Because of that, doctors didn't know that the same antibody that threatened her baby's heart was making its way toward Cleghorn's own heart. Months after giving birth, she developed a sharp pain between her shoulder blades, a racing heartbeat, and shallow breathing. Tests would show that her heart—actually her whole body—was inflamed. It wasn't until this event that a rheumatologist made the diagnosis that explained years of pain: systemic lupus erythematosus (SLE).

SLE is "an autoimmune disease in which the immune system attacks its own tissues, causing widespread inflammation and tissue damage in the affected organs," according to the Centers for Disease Control and Prevention. Cleghorn finally had the name of what was behind her years of pain and swelling. This form of lupus can be life-threatening; it can limit physical, mental, and social functioning and has no cure.

While devastating, the diagnosis was also a relief. After years of frustration having her symptoms dismissed, she now had confirmation that what she was experiencing wasn't due to her "hormones," and it wasn't psychosomatic, both of which some doctors she saw led her to believe. There was also relief because she was now able to properly manage her condition. Although she still suffers from symptoms like joint pain and fatigue, her SLE has been under control for several years. She takes medication every day that will hopefully continue to keepmore serious, organ-damaging flares of lupus at bay.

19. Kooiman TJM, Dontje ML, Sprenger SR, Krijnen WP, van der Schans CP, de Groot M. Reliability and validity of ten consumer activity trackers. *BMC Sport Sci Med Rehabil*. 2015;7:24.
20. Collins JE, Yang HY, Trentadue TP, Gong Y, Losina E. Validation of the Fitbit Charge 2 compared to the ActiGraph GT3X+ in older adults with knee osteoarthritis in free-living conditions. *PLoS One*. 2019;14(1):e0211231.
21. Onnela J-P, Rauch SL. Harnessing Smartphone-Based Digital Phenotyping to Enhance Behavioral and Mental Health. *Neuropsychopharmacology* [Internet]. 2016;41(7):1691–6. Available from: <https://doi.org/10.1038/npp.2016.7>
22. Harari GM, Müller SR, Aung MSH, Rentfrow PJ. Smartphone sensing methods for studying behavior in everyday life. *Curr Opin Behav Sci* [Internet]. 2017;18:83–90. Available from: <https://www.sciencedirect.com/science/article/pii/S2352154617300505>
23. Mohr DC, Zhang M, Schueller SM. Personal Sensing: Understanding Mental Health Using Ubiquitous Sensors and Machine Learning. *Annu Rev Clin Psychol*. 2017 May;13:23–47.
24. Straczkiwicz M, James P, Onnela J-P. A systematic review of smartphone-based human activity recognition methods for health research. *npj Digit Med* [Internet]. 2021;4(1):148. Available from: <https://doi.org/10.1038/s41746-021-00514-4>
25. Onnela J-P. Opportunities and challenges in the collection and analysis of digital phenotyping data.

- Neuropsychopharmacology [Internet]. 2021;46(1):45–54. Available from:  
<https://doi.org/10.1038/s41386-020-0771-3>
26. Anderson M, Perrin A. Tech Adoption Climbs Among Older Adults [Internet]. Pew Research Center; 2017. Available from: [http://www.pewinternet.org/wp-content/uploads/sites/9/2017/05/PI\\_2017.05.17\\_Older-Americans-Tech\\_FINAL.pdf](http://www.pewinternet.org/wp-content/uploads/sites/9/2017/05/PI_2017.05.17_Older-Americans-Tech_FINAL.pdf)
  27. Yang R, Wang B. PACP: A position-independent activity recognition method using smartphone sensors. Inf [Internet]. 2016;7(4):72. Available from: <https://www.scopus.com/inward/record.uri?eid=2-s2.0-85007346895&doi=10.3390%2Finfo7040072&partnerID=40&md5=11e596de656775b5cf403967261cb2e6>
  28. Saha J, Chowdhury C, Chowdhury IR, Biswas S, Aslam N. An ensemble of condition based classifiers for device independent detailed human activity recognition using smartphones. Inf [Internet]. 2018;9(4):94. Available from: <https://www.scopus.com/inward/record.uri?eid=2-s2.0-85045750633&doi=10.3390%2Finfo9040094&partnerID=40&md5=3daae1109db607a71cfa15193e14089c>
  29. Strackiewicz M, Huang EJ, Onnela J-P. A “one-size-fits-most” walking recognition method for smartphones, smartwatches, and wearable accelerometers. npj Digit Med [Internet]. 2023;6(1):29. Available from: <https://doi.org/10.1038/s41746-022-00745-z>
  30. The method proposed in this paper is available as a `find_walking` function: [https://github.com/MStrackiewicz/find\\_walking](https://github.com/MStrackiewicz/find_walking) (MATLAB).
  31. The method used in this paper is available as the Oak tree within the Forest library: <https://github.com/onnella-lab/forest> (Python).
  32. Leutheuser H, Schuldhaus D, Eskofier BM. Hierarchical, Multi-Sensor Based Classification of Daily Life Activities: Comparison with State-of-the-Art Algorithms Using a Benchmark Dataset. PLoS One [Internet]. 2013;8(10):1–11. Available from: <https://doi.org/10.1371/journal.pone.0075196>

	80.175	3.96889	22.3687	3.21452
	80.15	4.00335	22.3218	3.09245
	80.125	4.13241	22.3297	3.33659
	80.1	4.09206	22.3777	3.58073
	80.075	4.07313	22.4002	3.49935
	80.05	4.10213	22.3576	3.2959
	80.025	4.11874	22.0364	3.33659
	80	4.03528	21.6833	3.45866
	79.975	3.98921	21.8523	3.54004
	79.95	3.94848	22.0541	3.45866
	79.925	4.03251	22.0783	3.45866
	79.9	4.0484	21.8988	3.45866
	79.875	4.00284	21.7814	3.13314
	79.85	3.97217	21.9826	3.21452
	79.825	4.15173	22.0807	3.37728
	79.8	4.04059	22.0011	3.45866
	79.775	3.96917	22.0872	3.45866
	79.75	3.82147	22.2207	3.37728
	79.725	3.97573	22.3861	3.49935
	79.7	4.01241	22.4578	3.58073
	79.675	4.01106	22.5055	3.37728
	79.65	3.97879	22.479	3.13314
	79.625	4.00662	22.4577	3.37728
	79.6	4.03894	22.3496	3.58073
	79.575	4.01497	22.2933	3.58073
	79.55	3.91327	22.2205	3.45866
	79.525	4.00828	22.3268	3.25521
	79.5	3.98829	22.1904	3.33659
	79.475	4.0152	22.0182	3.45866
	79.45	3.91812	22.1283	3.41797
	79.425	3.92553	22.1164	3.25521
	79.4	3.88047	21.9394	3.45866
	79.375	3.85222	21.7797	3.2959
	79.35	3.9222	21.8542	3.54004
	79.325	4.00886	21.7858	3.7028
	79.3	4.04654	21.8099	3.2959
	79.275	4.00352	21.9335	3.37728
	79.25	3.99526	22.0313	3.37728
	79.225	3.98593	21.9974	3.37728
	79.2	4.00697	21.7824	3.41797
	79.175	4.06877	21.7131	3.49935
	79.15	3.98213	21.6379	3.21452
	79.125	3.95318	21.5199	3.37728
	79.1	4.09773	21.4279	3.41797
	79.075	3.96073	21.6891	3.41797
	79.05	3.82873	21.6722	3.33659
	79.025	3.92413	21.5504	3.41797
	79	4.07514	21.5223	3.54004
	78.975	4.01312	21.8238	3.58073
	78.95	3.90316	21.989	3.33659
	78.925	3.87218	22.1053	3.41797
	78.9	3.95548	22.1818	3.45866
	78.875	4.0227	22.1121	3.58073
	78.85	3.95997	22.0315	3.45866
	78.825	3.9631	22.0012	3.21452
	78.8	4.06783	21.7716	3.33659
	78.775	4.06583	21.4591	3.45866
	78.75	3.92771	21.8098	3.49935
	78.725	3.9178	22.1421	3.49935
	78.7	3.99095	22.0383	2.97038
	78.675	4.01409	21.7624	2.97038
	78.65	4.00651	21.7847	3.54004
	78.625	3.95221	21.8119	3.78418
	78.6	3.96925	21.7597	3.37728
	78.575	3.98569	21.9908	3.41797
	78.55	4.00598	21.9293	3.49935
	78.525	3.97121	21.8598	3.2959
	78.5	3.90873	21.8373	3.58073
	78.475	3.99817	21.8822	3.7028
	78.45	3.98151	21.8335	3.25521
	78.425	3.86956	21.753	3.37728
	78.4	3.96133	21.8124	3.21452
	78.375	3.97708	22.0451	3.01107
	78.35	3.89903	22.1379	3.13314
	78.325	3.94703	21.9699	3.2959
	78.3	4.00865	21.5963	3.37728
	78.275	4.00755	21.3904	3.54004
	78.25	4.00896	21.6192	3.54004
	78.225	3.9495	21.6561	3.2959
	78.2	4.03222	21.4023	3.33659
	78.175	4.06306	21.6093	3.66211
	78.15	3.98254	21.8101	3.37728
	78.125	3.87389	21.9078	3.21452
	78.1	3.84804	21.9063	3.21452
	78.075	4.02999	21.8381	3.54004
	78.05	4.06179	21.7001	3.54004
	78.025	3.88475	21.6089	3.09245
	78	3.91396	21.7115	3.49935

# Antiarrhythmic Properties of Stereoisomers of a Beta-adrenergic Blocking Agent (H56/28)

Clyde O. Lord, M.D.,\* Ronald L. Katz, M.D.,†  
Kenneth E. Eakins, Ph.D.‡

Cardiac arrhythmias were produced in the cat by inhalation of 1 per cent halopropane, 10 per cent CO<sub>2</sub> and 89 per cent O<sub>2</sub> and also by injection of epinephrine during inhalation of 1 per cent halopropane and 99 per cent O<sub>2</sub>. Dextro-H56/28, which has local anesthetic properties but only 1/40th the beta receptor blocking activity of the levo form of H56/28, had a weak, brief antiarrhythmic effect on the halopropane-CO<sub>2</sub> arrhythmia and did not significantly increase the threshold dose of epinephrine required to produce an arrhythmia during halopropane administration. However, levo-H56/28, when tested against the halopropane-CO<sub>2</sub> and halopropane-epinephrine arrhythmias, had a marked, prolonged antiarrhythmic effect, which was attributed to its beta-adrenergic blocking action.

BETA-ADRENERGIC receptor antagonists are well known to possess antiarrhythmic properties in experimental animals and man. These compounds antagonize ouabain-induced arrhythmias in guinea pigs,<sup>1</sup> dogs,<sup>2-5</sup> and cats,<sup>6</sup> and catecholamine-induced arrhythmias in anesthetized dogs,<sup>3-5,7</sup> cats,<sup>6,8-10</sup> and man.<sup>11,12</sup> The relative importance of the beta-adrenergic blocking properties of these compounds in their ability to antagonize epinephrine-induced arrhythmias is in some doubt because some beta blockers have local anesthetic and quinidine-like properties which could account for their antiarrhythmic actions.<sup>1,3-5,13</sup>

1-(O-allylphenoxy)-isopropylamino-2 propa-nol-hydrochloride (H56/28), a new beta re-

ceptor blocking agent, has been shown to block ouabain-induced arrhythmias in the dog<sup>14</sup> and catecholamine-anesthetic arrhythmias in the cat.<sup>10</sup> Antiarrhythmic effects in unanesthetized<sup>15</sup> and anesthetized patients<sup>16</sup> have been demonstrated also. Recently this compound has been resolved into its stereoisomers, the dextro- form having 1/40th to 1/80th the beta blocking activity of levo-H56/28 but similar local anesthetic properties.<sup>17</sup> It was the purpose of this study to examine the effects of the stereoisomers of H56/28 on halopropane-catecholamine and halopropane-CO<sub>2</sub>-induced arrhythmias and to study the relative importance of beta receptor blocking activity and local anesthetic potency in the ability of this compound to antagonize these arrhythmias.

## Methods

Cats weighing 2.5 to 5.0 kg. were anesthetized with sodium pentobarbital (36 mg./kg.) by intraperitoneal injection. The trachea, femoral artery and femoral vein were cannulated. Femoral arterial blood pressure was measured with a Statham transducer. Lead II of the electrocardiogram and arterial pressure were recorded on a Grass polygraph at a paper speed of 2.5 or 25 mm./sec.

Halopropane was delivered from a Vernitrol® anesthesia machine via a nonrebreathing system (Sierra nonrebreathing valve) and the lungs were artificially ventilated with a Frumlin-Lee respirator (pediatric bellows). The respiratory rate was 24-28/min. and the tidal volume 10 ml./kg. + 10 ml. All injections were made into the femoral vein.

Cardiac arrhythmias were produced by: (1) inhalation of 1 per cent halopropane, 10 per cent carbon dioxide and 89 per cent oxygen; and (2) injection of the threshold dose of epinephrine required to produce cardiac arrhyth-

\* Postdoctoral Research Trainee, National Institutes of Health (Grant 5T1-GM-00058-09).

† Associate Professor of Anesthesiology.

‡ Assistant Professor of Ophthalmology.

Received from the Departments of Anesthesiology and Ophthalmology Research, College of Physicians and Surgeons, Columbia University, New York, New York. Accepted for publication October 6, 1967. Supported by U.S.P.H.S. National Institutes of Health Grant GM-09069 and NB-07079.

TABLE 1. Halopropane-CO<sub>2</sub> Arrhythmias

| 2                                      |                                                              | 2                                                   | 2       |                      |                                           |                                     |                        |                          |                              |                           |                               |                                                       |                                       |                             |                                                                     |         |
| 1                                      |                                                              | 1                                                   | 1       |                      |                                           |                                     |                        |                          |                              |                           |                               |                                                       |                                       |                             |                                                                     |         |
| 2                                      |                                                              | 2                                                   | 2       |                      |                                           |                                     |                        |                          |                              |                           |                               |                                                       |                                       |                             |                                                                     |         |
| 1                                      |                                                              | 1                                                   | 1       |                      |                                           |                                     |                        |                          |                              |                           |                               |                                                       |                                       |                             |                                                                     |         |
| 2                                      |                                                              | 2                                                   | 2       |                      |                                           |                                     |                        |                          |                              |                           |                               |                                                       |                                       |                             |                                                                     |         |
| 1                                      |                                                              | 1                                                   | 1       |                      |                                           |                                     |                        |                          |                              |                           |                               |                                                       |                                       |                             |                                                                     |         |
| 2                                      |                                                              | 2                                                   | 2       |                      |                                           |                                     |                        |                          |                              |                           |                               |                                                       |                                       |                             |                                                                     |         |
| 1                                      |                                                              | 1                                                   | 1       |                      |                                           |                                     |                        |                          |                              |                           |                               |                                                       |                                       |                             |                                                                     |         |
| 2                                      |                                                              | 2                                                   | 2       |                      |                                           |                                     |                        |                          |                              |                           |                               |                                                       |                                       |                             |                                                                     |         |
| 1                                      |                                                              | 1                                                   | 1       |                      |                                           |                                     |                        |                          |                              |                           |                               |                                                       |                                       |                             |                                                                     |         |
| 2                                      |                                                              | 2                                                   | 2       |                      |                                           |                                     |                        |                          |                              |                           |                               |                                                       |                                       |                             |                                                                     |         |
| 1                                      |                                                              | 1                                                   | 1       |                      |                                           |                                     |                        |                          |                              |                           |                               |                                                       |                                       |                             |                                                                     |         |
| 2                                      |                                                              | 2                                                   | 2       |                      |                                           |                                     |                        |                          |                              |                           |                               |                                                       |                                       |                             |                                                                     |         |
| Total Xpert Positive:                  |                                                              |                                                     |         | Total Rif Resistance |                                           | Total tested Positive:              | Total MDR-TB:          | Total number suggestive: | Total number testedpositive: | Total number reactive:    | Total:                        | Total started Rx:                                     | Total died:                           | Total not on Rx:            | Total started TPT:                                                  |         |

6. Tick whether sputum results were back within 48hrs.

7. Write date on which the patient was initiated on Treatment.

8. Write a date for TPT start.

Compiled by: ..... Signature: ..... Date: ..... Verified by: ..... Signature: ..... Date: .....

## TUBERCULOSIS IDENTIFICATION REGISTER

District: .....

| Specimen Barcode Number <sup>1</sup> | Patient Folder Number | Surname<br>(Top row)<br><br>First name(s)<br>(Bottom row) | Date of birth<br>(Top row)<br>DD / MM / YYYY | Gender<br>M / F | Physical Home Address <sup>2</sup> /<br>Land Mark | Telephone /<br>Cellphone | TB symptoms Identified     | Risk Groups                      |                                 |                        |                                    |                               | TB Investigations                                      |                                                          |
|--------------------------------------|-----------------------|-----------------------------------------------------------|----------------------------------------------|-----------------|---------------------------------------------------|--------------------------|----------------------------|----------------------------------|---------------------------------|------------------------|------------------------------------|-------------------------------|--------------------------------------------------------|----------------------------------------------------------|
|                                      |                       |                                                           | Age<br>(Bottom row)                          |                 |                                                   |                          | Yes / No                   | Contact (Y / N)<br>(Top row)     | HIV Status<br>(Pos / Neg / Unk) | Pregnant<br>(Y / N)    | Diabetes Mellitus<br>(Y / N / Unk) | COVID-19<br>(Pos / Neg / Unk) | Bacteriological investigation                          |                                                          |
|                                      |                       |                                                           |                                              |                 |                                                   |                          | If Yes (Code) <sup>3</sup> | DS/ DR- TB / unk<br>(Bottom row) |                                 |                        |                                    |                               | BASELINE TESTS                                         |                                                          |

Cleghorn, 41, is now a cultural historian in the south of England. She used her own experience of having pain brushed aside by doctors as fuel for her book, Unwell Women: Misdiagnosis and Myth in a Man-Made World. Tracing the medical establishment's treatment of women from ancient Greece to the present day and including real-life examples, Cleghorn's book details how women have been left to suffer unnecessarily because their illnesses were misunderstood, mischaracterized, or misdiagnosed.

Unwell Women: Misdiagnosis and Myth in a Man-Made World
Penguin Random House

Cleghorn refers to women who live with health impediments as "unwell women." Being "unwell," according to Cleghorn, isn't the same as being ill or having a disease that is always noticeable. "Unwell" also refers to "women who kind of deviated from the social norm of what's deemed proper or acceptable," in the context of healthfulness, she says. That could mean living between flares of a disease or having invisible chronic pain.

She says she is one of countless unwell women—and she's learned a lot about navigating life in an unwell state thanks to the research she did for her book as well as her own experience. Here's what Cleghorn wants others who are also unwell to know about getting the the care they deserve.